The 5th U.S. Circuit Court of Appeals judge is warning that the current transgender-activist movement will lead to the banning of all single-sex restrooms and changing facilities in the country.
“This case does not simply concern sexual orientation and transgender discrimination,” wrote Circuit Judge James Ho.
“It affects every American who uses the restroom at any restaurant, buys clothes at any department store, or exercises at any gym. What’s more, because federal statutes governing educational institutions employ language indistinguishable from Title VII, this debate also affects virtually every school, college, dormitory, athletic activity, and locker room in America.”
The case that drew the comments was Nicole C. Wittmer vs. Phillips 66.
Wittmer, a “transgender woman,” had applied for a job with Phillips 66 and was offered a position conditional upon passing background checks.
When the background checks came in, Phillips 66 learned Wittmer had been fired from his previous job. The company withdrew the job offer, and Wittmer sued, claiming discrimination based on transgender identity.
The courts concluded that there was no discrimination because of the deceptive information submitted by Wittmer on his application.
President Obama ordered that Title VII regulations of the 1964 Civil Rights Act banning discrimination based on sex, also banned discrimination based on sexual orientation.
President Trump reversed Obama’s orders when he took office, and Ho said the statute is clear.
“As a matter of ordinary usage, the term ‘sex,’ of course, does not mean ‘sexual orientation’ or ‘transgender status.’ ‘In common, ordinary usage in 1964 – and now, for that matter – the word ‘sex’ means biologically male or female … to a fluent speaker of the English language – then and now – the ordinary meaning of the word ‘sex’ does not fairly include the concept of ‘sexual orientation.’ The two terms are never used interchangeably, and the latter is not subsumed within the former; there is no overlap in meaning,'” he wrote.
He noted judges’ opinions have diverged, and only the U.S. Supreme Court ultimately can resolve the matter.
Ho explained that the longstanding view of a ban on discrimination because of sex is that employers cannot favor men over women for jobs, or vice versa.
The transgender agenda, however, would mandate that “employers to be entirely blind to a person’s sex,” Ho wrote.
“A brief example will illustrate the meaningful difference between those two visions,” he wrote. “Separate bathrooms for men and women are of course ubiquitous in our society. They are prevalent not because they favor one sex over another, but because they protect the privacy of both sexes. So separate bathrooms are permitted under the anti-favoritism theory of Title VII.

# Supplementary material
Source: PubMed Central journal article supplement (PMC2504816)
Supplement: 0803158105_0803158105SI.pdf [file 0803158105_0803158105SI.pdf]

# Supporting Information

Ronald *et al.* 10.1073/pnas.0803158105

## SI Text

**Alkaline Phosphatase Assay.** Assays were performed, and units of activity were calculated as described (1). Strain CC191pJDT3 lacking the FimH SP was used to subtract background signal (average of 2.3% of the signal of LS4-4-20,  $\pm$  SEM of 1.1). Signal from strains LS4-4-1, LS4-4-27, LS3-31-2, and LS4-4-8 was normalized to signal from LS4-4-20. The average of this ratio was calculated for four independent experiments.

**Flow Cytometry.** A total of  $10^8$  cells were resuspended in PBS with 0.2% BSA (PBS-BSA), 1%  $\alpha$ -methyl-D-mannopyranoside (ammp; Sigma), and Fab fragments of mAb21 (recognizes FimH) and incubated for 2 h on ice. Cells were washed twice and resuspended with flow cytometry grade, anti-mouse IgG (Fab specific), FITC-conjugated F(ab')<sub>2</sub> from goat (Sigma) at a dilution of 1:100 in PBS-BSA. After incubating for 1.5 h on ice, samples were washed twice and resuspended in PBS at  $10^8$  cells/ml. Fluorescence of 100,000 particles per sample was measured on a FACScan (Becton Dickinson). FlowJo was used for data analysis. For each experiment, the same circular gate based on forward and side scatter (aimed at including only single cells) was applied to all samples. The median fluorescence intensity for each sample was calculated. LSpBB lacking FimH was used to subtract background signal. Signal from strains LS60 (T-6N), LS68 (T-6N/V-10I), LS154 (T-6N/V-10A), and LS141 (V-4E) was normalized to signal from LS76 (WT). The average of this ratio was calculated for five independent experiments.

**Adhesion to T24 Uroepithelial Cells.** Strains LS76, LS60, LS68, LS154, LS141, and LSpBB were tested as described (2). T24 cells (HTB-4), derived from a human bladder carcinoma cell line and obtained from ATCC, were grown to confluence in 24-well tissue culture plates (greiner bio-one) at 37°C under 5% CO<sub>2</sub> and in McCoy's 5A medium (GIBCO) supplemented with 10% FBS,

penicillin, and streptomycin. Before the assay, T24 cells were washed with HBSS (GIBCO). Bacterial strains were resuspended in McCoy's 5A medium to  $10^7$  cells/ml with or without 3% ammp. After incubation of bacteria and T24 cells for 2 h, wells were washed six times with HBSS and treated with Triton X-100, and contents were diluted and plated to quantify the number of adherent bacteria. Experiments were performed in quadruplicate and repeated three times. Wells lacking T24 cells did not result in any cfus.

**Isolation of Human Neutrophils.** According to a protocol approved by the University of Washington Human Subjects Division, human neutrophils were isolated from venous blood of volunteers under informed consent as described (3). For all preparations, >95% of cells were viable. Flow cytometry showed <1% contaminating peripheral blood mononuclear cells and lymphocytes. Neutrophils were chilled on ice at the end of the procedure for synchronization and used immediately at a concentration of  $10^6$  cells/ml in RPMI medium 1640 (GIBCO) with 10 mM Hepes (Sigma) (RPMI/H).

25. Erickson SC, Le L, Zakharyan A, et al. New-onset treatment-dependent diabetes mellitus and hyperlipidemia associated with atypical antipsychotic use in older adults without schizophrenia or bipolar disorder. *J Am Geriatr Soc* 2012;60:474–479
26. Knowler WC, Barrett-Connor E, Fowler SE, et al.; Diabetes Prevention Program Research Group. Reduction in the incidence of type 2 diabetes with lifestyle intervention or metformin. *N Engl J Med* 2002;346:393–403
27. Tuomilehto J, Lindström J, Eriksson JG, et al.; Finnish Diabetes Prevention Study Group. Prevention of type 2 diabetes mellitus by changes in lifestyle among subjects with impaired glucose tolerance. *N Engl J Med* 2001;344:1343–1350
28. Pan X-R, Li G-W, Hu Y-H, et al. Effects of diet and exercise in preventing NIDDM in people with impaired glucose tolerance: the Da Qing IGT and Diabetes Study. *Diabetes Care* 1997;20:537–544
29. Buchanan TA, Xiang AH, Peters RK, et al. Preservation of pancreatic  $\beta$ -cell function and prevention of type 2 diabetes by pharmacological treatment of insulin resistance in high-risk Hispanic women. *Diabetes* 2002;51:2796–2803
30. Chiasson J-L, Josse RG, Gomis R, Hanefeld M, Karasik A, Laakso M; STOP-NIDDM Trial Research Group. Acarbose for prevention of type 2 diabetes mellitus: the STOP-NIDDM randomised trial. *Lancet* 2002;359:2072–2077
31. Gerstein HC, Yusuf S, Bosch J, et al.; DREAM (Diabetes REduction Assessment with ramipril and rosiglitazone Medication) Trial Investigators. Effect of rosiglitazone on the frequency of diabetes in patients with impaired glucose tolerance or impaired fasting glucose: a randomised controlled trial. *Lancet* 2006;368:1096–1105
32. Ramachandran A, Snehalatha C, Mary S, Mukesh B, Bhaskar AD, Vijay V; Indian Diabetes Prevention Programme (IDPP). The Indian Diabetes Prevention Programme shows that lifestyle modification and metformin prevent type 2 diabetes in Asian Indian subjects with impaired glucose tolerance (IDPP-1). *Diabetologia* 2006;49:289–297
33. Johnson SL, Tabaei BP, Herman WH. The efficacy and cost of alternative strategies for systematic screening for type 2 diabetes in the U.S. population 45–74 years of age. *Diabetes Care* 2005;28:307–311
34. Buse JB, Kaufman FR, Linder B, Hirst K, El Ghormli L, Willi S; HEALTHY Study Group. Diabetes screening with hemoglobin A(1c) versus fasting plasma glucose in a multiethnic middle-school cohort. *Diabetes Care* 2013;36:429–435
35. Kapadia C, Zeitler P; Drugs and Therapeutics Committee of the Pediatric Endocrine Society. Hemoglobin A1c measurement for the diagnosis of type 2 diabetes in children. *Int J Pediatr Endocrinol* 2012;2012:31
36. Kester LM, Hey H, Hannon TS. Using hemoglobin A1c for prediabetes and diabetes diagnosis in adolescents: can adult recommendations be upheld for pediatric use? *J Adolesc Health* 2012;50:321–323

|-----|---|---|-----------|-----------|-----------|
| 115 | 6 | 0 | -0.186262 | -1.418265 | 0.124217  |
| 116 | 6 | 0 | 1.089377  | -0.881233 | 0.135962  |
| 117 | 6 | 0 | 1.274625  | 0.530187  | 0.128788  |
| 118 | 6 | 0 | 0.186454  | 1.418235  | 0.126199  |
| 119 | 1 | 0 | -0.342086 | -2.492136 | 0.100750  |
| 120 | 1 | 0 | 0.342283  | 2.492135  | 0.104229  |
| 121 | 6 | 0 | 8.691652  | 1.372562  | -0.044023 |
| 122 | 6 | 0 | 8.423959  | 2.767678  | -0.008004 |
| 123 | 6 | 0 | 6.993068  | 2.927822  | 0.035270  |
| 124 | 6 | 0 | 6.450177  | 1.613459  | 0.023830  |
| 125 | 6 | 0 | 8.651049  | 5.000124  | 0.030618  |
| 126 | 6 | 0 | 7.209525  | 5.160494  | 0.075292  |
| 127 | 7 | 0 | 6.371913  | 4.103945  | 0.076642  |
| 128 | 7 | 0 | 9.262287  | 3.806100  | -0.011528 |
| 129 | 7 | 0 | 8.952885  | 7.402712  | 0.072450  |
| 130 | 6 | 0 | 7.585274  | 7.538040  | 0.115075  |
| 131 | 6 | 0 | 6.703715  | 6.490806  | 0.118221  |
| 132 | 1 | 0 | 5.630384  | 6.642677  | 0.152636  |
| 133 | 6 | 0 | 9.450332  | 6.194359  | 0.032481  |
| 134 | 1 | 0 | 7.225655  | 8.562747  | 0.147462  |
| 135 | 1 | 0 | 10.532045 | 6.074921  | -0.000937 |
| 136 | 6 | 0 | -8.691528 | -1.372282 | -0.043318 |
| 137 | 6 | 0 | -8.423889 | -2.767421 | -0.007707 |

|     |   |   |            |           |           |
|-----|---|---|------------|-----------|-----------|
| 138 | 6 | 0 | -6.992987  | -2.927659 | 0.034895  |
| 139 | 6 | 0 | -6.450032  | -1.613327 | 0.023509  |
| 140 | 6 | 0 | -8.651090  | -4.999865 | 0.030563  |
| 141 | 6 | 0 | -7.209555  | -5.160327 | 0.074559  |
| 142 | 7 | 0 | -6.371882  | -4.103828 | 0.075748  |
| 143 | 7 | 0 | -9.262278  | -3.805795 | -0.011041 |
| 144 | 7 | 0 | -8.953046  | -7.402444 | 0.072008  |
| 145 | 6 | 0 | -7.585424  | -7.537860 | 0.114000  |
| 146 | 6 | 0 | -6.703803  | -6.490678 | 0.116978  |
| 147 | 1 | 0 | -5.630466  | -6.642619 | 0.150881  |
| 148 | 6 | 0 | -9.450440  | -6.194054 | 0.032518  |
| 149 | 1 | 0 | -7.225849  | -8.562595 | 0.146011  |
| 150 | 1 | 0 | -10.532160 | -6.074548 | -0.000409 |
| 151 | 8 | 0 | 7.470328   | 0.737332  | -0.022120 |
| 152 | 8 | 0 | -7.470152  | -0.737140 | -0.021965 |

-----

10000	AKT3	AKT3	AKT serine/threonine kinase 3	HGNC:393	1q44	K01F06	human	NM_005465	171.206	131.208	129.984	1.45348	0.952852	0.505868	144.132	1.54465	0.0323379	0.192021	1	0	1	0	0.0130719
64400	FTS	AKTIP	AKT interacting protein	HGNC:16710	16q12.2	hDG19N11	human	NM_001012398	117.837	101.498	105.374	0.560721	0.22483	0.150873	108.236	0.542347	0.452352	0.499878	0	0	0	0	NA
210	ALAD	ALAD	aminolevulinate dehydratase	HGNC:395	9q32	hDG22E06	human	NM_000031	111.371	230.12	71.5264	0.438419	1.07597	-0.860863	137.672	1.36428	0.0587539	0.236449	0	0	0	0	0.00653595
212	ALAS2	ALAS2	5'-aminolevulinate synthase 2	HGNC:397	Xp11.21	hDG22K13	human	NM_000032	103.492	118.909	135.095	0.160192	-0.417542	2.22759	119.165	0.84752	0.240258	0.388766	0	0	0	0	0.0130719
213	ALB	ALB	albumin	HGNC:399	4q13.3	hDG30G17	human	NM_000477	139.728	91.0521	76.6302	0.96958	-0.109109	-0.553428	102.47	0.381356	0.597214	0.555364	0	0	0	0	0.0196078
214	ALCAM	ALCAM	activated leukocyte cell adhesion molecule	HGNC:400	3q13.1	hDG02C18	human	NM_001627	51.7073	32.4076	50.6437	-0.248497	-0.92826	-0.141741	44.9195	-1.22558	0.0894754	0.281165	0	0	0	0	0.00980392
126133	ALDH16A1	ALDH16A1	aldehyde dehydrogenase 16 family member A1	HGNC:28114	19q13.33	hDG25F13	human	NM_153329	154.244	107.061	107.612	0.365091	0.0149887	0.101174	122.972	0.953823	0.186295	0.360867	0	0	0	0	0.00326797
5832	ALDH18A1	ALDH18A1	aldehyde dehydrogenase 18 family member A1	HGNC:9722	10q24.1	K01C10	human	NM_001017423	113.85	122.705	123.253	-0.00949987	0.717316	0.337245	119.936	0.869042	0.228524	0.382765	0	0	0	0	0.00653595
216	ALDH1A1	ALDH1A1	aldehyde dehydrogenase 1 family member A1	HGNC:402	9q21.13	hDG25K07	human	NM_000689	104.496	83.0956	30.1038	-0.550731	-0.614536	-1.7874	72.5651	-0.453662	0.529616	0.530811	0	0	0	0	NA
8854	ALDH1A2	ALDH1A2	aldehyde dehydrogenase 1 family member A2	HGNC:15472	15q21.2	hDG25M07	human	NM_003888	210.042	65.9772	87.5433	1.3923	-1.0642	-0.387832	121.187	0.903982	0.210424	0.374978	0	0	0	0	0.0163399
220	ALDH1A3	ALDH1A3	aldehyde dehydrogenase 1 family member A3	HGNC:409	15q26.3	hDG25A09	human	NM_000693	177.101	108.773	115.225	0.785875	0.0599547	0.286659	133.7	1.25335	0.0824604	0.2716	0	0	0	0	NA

“But they are unlawful under the blindness approach to Title VII, because separate bathrooms are obviously not blind to sex.”
He said the law speaks for itself.
“No one seriously contends that, at the time of enactment, the public meaning and understanding of Title VII included sexual orientation or transgender discrimination. To the contrary, there is a judicial consensus that the public meaning of Title VII in 1964 did not include sexual orientation or transgender discrimination.”
He pointed out it was not until 40 years after the law was enacted that the first court “construed it to prohibit transgender discrimination.”
“If the first 40 years of uniform circuit precedent nationwide somehow got the original understanding of Title VII wrong, no one has explained how,” he said.
“If Congress had meant to prohibit sexual orientation or transgender discrimination, surely the most straightforward way to do so would have been to say so – to add ‘sexual orientation’ or ‘transgender status’ to the list of classifications protected.”
The Family Research Council pointed out that various groups have tried unsuccessfully to get Congress to make that change.
“After years of failing to persuade Congress to add ‘gender identity’ (or ‘sexual orientation’) as a protected category in federal civil rights laws, LGBT activists have adopted a new legal strategy. They now contend that discrimination based on gender identity is already illegal because it is a form of discrimination based on ‘sex,’ which was prohibited along with racial discrimination by Title VII of the Civil Rights Act of 1964,” the organization said in a statement.
The group said: “Judge Ho does a good job of explaining two different theories of interpretation of sex discrimination. Under the ‘favoritism’ theory, an act is only ‘sex discrimination’ if it favors one sex over the other. Under the ‘blindness theory’ (relied on by the plaintiff), an act is ‘sex discrimination’ if it takes sex into account in any way at all (in this case, because women may wear dresses to work but men may not, for example).
“Judge Ho points out very bluntly that under the ‘blindness theory,’ it would not be permissible to have ‘separate bathrooms and changing rooms for men and women.'”
FRC pointed out a lawyer for the National Center for Lesbian Rights agreed during the court hearing.
“This is significant. Up to now in the bathroom debates, transgender activists have conceded the legitimacy of separate men’s and women’s facilities, but have argued that people should be allowed to use the one that corresponds to their gender identity rather than their biological sex. But now we have a concession that a logical implication of the argument they are using for counting ‘gender identity’ discrimination as a form of ‘sex discrimination’ is that we could not have separate facilities at all.”